The report looks at a number of emerging fuel and engine technologies under so-called "bottom-up modelling", including gas, coal-to-liquids, ethanol, biodiesel and electricity.

URBAN AND LONG-DISTANCE SOLUTIONS
Overall, Garnaut believes emissions will stabilise in the transport sector over the coming decades, drop rapidly as low-emissions road vehicles become competitive and eventually tail off as aviation and shipping introduces its own technological improvements.

"In both local and inter-regional freight there are good prospects for significant emissions reductions in the next two decades," the report states.

"In local freight there are better short-term prospects for vehicle changes than in inter-regional freight, but in inter-regional freight there is greater potential for mode shift."

Hybrid technology will be most useful to urban freight delivery due to the short distances and stop-start conditions, according to the report, while the use of central refuelling depots will reduce the dependence on the development of widespread alternative fuel infrastructure.

Modelling shows a substantial take-up of hybrid and electric freight vehicles, with these technologies becoming commercial attractive sooner than advances in other areas.

Garnaut flags limitations on the adoption of hybrid and electric vehicles for long-distance freight delivery, and believes biodiesel will not become commercial.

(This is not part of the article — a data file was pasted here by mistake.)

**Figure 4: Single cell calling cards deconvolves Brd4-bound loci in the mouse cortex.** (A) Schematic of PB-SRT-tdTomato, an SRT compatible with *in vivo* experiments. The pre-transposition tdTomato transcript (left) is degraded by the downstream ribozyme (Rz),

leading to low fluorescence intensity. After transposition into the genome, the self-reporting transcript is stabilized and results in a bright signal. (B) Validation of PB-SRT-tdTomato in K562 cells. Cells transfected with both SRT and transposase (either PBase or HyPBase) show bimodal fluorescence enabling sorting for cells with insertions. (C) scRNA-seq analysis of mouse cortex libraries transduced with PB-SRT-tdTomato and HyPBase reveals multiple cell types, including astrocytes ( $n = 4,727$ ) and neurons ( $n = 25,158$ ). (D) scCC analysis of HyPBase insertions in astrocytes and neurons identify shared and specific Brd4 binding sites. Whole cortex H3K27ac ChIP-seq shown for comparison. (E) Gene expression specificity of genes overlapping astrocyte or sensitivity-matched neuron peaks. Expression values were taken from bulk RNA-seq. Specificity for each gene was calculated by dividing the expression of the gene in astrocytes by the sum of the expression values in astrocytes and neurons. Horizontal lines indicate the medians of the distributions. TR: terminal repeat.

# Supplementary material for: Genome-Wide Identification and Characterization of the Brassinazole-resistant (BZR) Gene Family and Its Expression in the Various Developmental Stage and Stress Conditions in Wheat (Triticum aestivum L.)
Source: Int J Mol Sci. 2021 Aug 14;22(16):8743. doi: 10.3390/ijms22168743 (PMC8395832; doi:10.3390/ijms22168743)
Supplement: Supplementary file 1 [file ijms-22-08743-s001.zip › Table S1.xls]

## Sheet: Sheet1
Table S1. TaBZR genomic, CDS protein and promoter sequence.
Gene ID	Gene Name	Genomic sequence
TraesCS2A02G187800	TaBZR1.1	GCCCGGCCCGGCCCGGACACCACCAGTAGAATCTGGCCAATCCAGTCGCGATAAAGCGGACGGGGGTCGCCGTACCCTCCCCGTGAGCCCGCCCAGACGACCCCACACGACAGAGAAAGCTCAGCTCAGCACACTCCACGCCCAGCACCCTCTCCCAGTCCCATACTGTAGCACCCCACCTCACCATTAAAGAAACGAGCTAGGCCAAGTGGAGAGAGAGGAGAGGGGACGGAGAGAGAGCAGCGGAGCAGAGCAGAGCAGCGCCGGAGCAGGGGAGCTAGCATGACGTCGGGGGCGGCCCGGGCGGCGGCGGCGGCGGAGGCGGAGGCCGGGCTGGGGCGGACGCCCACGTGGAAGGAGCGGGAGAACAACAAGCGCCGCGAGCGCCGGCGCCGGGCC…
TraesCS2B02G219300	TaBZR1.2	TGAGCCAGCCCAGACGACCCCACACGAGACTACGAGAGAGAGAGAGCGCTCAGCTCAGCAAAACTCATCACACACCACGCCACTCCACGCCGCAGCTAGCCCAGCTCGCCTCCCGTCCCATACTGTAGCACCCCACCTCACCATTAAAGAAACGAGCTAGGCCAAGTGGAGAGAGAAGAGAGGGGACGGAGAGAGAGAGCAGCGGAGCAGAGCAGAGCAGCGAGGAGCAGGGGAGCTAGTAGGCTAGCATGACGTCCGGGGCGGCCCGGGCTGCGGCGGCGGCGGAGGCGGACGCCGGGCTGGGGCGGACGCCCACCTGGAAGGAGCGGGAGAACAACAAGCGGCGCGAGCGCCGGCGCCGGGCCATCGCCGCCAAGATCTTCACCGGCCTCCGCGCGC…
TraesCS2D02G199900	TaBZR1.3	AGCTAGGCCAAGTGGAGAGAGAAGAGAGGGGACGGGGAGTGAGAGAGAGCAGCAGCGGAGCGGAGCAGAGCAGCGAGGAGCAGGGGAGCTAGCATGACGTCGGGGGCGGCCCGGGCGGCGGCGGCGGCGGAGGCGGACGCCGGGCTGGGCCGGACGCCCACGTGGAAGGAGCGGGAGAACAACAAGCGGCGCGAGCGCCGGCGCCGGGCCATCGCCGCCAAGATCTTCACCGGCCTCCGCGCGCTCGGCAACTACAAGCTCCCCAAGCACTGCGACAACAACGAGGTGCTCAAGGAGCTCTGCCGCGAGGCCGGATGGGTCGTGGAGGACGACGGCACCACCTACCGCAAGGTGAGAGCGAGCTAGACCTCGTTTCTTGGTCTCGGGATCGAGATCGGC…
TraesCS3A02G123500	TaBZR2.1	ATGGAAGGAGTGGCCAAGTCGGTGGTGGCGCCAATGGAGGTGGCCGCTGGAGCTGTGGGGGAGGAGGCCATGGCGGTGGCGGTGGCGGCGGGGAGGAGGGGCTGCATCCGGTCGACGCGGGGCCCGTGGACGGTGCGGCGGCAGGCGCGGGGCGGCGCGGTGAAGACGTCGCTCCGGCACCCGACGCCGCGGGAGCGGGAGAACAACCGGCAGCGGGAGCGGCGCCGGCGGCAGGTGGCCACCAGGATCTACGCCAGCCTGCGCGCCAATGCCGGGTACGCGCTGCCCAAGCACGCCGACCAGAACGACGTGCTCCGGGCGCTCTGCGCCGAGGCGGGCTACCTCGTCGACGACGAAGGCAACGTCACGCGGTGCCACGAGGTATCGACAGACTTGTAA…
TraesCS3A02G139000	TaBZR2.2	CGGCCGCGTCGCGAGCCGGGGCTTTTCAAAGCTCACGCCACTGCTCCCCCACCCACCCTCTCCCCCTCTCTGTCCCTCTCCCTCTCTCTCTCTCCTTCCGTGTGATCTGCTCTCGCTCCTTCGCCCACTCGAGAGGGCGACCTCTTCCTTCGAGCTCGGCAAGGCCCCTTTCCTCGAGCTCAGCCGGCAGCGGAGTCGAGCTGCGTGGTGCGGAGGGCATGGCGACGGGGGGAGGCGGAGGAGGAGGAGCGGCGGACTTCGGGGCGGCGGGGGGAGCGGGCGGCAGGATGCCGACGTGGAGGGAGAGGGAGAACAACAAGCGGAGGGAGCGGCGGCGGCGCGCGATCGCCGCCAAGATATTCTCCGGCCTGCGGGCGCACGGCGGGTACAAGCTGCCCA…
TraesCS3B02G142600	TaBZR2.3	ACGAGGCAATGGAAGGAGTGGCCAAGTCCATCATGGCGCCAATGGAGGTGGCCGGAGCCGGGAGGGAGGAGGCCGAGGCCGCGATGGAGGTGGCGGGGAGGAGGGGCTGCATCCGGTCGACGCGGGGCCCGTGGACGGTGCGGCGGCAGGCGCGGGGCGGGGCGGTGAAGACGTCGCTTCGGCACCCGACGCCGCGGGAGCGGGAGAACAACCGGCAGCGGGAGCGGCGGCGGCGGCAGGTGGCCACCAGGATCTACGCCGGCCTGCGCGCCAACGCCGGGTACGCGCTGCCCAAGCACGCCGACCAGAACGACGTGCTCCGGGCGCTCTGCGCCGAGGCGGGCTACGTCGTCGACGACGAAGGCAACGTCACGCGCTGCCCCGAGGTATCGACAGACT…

Instead, the industry will have to wait for "near zero-emissions trucks" according to Garnaut, which he acknowledges are some years away.

The report also suggests changes in production and distribution patterns to reduce emissions.

"Producing goods at several sites for local consumption, rather than at one site with wider distribution, can reduce transport costs," it states.

"As both production and transport costs will involve some greenhouse gas emissions, a broad-based emissions trading scheme that includes stationary energy, industrial processes and transport is necessary to achieve the lowest-cost emissions reduction over the whole production and distribution process."

CARBON TRADING AGENDA
The total 25 percent reduction by 2020 figure proposed by the report – and up to 90 percent by 2050 – depends on action from other high-emitting nations.

If the world fails to reach a climate change target at next year’s talks in Copenhagen Garnaut believes Australia should cut emissions by 5 percent by 2020 as an "unconditional offer".

"Without strong, effective and early action by all major economies, it is probable that Australians, over the 21st century and beyond, will experience disruption in their enjoyment of life and increasingly of their prosperity," he warns.

"Of all developed countries, Australia probably has the most to lose from inaction and the most to gain from global mitigation. Australia should throw its full weight behind securing an effective international agreement from 2013."

Along with the introduction of carbon trading by 2010, Garnaut proposes the establishment of a carbon bank to oversee the long-term stability of the scheme and the implementation of a transition period from 2010 to the conclusion of the Kyoto period in 2012.

He maintains half of the revenue from trading should be spent compensating households, while further payments should be made to trade-exposed, emissions-intensive industries.